... one has a moral duty to promote any theory that can be used for social subversion. Marcuse felt this duty to be all the more imperative because philosophical theory and all forms of critical thought are today facing a greater task than ever, since historical conditions tend to silence the spirit of criticism. Philosophy underlies the will to transform the world and make it free and rational, Marcuse pointed out. Its task cannot end until its goal is reached. Philosophy has not achieved its goal, however, since theory and practice do not yet coincide. Even though the philosopher may realize that unity of theory and practice is a purely utopian goal, he must never stop working for it until this end is attained. (72)
According to Marcuse, philosophy has a vital role to play in the system of revolutionary education which he believed would contribute toward efforts to bring about more desirable conditions and an end to unnecessary human misery. Specifics can be found in his presidential address to the APA in which he recommends reinterpretation of historical philosophy, and construction of "political linguists, because language has become 'an instrument of control and manipulation.'" He also suggested they investigate physiological and psychological epistemology, and finally, the promotion of 'philosophic aesthetics.'" (Quoted in Herbert Marcuse's Utopia)

Discussion of art becomes appropriate at this point, since Marcuse was not referring to philosophy per se. Philosophy has limitations in that it is the theoretical half of Marcuse's formula, while tangible art, specifically literature, is the other. There is an interesting analogous relationship between the role of the proletariat, which Marx defined as the universal class, and Marcuse's emphasis on philosophical aesthetics, in that both are the tangible manifestations of desire for utopia which provoke awareness and action. For Marcuse, however, art seems to have at its foundation a function much like that of critical theory, in that it provides insight and analysis into our current malady, as well as embraces universal elements such as our desire for happiness, holding out hope that there is an attractive, fulfilling alternative to our present predicament. In The Aesthetic Dimension, Marcuse explains the revolutionary nature of art, which parallels the revolutionary nature of education. This similarity ought to be seen as the connection which binds education and art together as the two interdependent halves of a utopian sphere.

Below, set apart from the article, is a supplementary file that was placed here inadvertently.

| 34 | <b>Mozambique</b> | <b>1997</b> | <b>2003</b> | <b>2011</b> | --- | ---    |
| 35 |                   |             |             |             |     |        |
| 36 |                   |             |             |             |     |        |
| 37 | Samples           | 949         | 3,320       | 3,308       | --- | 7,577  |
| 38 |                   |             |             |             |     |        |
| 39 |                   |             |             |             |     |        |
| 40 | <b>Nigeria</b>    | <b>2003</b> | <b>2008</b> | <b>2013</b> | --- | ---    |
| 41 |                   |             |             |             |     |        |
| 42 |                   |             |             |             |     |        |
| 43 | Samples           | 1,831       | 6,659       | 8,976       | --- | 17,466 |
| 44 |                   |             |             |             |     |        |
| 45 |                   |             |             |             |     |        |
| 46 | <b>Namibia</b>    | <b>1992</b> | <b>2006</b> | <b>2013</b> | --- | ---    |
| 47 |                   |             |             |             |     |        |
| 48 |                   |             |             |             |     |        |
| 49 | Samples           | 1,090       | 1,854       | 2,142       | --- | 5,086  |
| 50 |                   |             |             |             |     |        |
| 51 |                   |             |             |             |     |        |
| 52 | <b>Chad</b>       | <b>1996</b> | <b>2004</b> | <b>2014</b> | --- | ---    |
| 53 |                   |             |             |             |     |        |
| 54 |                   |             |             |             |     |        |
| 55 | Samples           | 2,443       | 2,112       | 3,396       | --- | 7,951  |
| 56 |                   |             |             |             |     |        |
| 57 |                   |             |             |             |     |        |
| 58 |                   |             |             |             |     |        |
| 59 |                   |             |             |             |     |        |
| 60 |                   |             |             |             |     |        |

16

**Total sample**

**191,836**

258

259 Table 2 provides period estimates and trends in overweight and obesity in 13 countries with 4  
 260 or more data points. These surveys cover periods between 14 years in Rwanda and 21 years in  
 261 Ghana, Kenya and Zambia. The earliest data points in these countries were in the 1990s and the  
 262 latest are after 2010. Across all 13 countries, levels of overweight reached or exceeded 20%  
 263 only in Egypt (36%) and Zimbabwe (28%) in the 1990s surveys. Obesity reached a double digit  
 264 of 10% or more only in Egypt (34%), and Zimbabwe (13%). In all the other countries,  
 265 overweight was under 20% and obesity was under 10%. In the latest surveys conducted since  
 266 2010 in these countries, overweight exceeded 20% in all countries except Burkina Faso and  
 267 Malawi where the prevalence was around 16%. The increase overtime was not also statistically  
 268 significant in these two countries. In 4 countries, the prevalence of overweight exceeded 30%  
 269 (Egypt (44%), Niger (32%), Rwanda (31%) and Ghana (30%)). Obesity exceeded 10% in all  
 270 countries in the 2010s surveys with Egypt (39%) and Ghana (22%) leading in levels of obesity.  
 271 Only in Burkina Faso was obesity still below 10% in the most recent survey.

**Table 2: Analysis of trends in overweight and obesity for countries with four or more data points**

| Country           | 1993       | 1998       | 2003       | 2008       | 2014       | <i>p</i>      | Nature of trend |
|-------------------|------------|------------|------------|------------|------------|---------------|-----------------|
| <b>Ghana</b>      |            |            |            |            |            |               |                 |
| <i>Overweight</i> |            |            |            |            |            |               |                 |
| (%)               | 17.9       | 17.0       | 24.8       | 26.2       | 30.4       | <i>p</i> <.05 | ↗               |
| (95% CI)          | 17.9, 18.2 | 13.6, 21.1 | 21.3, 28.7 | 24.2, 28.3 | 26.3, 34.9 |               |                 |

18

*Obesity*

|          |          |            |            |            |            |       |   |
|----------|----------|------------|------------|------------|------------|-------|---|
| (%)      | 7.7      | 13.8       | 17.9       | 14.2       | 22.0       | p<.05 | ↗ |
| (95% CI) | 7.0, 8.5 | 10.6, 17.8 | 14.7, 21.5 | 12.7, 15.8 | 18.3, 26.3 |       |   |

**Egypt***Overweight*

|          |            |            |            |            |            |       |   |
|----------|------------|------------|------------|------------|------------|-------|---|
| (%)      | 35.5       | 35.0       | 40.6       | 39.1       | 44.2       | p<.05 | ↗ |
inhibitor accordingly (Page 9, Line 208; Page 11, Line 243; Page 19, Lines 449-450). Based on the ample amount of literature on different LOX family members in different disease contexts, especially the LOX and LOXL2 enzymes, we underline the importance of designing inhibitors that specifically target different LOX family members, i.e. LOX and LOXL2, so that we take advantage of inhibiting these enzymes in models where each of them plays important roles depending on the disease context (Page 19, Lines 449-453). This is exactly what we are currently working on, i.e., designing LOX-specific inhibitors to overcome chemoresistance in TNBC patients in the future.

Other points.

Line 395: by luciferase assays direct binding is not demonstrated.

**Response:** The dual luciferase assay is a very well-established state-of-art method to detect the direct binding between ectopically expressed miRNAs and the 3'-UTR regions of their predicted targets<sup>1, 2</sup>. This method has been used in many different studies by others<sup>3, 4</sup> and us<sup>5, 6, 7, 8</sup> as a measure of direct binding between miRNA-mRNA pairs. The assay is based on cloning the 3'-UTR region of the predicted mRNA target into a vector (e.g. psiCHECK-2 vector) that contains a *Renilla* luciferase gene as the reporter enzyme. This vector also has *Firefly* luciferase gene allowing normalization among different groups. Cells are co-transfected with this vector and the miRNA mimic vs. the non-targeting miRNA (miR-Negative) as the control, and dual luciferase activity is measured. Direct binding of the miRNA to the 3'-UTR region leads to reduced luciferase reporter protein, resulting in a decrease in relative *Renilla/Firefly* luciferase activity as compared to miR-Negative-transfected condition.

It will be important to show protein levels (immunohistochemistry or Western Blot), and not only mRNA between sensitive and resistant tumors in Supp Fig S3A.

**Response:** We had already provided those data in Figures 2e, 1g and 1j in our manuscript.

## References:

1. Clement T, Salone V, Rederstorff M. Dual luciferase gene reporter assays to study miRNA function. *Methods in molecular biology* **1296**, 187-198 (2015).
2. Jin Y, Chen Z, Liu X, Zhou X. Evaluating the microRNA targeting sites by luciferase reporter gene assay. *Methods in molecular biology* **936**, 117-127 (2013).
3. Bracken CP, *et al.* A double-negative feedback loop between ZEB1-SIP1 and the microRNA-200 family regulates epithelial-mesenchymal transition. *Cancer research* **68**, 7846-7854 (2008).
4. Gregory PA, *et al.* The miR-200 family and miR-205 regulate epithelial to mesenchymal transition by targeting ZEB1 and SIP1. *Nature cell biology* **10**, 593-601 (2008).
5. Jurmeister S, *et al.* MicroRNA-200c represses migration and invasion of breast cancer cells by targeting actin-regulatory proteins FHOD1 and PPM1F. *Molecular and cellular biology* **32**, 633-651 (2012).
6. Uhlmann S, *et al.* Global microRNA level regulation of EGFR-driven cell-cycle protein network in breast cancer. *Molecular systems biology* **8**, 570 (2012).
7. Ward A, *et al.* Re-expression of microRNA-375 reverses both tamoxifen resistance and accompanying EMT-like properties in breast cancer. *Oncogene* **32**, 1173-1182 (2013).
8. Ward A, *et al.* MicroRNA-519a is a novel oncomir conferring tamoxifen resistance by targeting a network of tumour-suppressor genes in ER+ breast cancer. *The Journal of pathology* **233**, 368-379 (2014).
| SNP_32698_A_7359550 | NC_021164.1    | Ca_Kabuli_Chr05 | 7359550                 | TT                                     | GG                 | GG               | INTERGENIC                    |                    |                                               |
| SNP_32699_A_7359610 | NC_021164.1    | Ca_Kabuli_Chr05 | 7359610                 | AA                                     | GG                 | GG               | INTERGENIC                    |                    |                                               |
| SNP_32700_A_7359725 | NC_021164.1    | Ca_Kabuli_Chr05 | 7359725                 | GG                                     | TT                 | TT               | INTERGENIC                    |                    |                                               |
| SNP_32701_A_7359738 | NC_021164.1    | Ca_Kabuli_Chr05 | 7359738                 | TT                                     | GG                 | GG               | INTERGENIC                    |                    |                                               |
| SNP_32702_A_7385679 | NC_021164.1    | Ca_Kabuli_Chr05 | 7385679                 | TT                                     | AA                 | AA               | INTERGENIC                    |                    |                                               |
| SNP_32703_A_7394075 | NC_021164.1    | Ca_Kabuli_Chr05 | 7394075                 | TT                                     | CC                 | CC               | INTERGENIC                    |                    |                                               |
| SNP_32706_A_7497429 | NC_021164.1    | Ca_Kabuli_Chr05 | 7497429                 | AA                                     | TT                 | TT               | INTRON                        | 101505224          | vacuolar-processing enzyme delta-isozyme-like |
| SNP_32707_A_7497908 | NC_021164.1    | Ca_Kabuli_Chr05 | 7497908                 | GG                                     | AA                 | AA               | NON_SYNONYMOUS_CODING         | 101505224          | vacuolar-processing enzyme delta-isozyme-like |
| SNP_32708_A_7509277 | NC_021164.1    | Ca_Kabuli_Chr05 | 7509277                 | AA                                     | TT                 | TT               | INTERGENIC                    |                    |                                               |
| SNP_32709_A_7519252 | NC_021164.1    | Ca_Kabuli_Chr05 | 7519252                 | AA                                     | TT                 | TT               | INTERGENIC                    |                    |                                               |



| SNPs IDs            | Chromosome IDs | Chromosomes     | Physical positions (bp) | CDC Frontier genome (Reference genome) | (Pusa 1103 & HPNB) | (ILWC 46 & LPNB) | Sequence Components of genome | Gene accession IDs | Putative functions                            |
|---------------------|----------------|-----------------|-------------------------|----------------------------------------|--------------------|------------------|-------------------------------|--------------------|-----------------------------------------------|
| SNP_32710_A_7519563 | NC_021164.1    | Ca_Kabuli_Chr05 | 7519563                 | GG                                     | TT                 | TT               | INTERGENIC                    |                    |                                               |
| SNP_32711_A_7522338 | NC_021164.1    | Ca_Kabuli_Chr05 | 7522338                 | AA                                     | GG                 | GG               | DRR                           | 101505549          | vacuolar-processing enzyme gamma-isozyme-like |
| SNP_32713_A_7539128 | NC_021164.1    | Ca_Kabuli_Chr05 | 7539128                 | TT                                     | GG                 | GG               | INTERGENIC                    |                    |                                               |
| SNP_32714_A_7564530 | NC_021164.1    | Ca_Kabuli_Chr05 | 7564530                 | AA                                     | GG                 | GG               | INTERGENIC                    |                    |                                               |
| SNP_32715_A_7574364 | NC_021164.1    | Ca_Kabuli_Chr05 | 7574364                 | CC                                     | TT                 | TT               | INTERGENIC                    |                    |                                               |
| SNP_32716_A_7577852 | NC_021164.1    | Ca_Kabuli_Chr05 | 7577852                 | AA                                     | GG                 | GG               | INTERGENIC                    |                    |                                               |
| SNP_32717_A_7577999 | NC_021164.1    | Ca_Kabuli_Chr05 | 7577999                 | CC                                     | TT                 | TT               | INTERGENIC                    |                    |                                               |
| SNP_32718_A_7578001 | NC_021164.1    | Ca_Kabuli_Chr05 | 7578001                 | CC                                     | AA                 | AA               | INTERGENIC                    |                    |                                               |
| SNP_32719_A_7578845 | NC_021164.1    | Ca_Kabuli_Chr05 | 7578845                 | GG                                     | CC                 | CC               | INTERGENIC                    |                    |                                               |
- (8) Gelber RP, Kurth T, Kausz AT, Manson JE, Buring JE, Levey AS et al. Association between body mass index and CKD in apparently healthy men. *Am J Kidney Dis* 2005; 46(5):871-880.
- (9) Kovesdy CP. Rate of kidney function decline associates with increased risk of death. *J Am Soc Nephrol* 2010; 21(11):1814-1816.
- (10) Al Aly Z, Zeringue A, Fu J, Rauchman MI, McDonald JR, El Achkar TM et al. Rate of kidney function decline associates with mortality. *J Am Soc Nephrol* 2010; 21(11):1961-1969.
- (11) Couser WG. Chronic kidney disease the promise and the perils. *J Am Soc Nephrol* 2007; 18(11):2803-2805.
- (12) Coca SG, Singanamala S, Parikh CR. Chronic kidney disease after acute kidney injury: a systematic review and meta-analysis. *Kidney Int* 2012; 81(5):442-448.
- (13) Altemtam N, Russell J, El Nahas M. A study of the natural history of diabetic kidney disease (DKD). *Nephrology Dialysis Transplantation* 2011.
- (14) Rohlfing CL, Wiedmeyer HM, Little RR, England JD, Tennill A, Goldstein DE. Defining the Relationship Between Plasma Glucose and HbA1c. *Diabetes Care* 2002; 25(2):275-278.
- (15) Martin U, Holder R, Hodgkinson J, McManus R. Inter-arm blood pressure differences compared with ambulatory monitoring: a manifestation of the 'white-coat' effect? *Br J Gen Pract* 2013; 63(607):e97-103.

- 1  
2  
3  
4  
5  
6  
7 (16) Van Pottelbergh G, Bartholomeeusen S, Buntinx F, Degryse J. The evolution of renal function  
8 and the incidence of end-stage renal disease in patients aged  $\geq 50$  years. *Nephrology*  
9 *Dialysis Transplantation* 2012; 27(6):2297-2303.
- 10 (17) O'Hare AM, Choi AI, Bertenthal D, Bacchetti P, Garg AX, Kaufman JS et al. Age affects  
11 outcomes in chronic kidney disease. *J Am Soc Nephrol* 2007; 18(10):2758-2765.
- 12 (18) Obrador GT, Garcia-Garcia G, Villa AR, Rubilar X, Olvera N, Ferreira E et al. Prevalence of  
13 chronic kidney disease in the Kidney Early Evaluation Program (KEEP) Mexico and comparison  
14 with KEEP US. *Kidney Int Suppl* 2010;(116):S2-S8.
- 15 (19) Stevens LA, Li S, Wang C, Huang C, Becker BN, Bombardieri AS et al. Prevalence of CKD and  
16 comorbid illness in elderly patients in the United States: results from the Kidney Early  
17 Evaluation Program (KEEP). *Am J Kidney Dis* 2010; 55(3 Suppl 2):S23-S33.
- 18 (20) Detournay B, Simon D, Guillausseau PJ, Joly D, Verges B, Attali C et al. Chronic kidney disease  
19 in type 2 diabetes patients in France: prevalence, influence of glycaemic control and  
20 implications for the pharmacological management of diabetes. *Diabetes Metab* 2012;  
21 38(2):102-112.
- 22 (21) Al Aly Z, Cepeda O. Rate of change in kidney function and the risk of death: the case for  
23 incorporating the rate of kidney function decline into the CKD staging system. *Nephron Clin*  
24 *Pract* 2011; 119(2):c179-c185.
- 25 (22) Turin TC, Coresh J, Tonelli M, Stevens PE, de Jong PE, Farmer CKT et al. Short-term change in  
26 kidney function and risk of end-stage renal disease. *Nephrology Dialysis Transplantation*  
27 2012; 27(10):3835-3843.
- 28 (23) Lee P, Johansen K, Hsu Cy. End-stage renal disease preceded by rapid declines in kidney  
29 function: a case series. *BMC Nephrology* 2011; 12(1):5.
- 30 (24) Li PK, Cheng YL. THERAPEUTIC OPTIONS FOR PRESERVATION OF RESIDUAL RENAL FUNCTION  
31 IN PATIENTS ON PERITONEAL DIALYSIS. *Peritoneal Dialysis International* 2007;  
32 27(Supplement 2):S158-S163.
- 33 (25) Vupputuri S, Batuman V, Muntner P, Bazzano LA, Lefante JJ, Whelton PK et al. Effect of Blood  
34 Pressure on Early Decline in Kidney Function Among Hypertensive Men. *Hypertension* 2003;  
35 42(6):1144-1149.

I shall submit the following thesis: the radical qualities of art, that is to say, its indictment of the established reality and its invocation of the beautiful image (schoener Schein) of liberation are grounded precisely in the dimensions where art transcends its social determination and emancipates itself from the given universe of discourse and behavior while preserving its overwhelming presence. Thereby art creates the realm in which the subversion of experience proper to art becomes possible: the world formed by art is recognized as a reality which is suppressed and distorted in the given reality. This experience culminates in extreme situations (of love and death, guilt and failure, but also joy, happiness, and fulfillment) which explode the given reality in the name of a truth normally denied or even unheard. The inner logic of the work of art terminates in the emergence of another reason, another sensibility, which defy the rationality and sensibility incorpora ted in the dominant social institutions. (Marcuse 6,7)(author's italics)
Marcuse's emphasis upon art as a tool for utopian reform or revolution, rather than the workers, removes a measure of class theory from modern Marxism. Marcuse intended to take this redefinition of class consciousness into the realm of aesthetics when he criticizes Marxist philosophy of art in The Aesthetic Dimension. Marcuse insists that, because genuine art is a process which has been removed from the relations of production in modern times (versus pop art and propaganda), it cannot be understood on the basis of class consciousness alone. In order for art to be an effective mechanism, it must also transcend this class consciousness in favor of the stimulation of individual consciousness toward universal utopian ideals. Unlike Marx, who saw art from eras past, such as the works of Sophocles, or art produced by the wealthy as useful only in providing us with a spectacle which marks where we have already been, lessons already learned during the childhood of humanity, Marcuse believes that neither time nor the class content of art can negate the validity of the utopian ideals it expresses. (15) As he commented wryly, "Clearly, the class struggle is not always 'responsible' for the fact that the 'lovers do not remain together.'" (24) Art in its genuine form appeals, not to class consciousness, as Marx assumes, but to the 'species-being.' "According to this [Marxist] conception, the consciousness of the proletariat would also be the consciousness that validates the truth of art. This theory corresponds to a situation which is no longer (or not yet) that prevailing in the advanced capitalist countries." (30) Rather, "By virtue of its transhistorical, universal truths, art appeals to a consciousness which is not only that of a particular class, but that of human beings as 'species beings', developing all their life enhancing faculties." (29) Generally apprehensive about the fate of true art under Soviet communism, in his conclusion to The Aesthetic Dimension, Marcuse recommends a transformation of orthodox Marxian aesthetics in order to reflect and address new-fashioned social peculiarities. On its own, antiquated Marxian aesthetics will merely confuse our understanding of art, how we define ourselves through it, and what we will be motivated to achieve as a result. "The institutions of a socialist society, even in their most democratic form, could never resolve all the conflicts between the universal and the particular, between human beings and nature, between individual and individual. Socialism does not and cannot liberate Eros from Thanatos." (71, 72)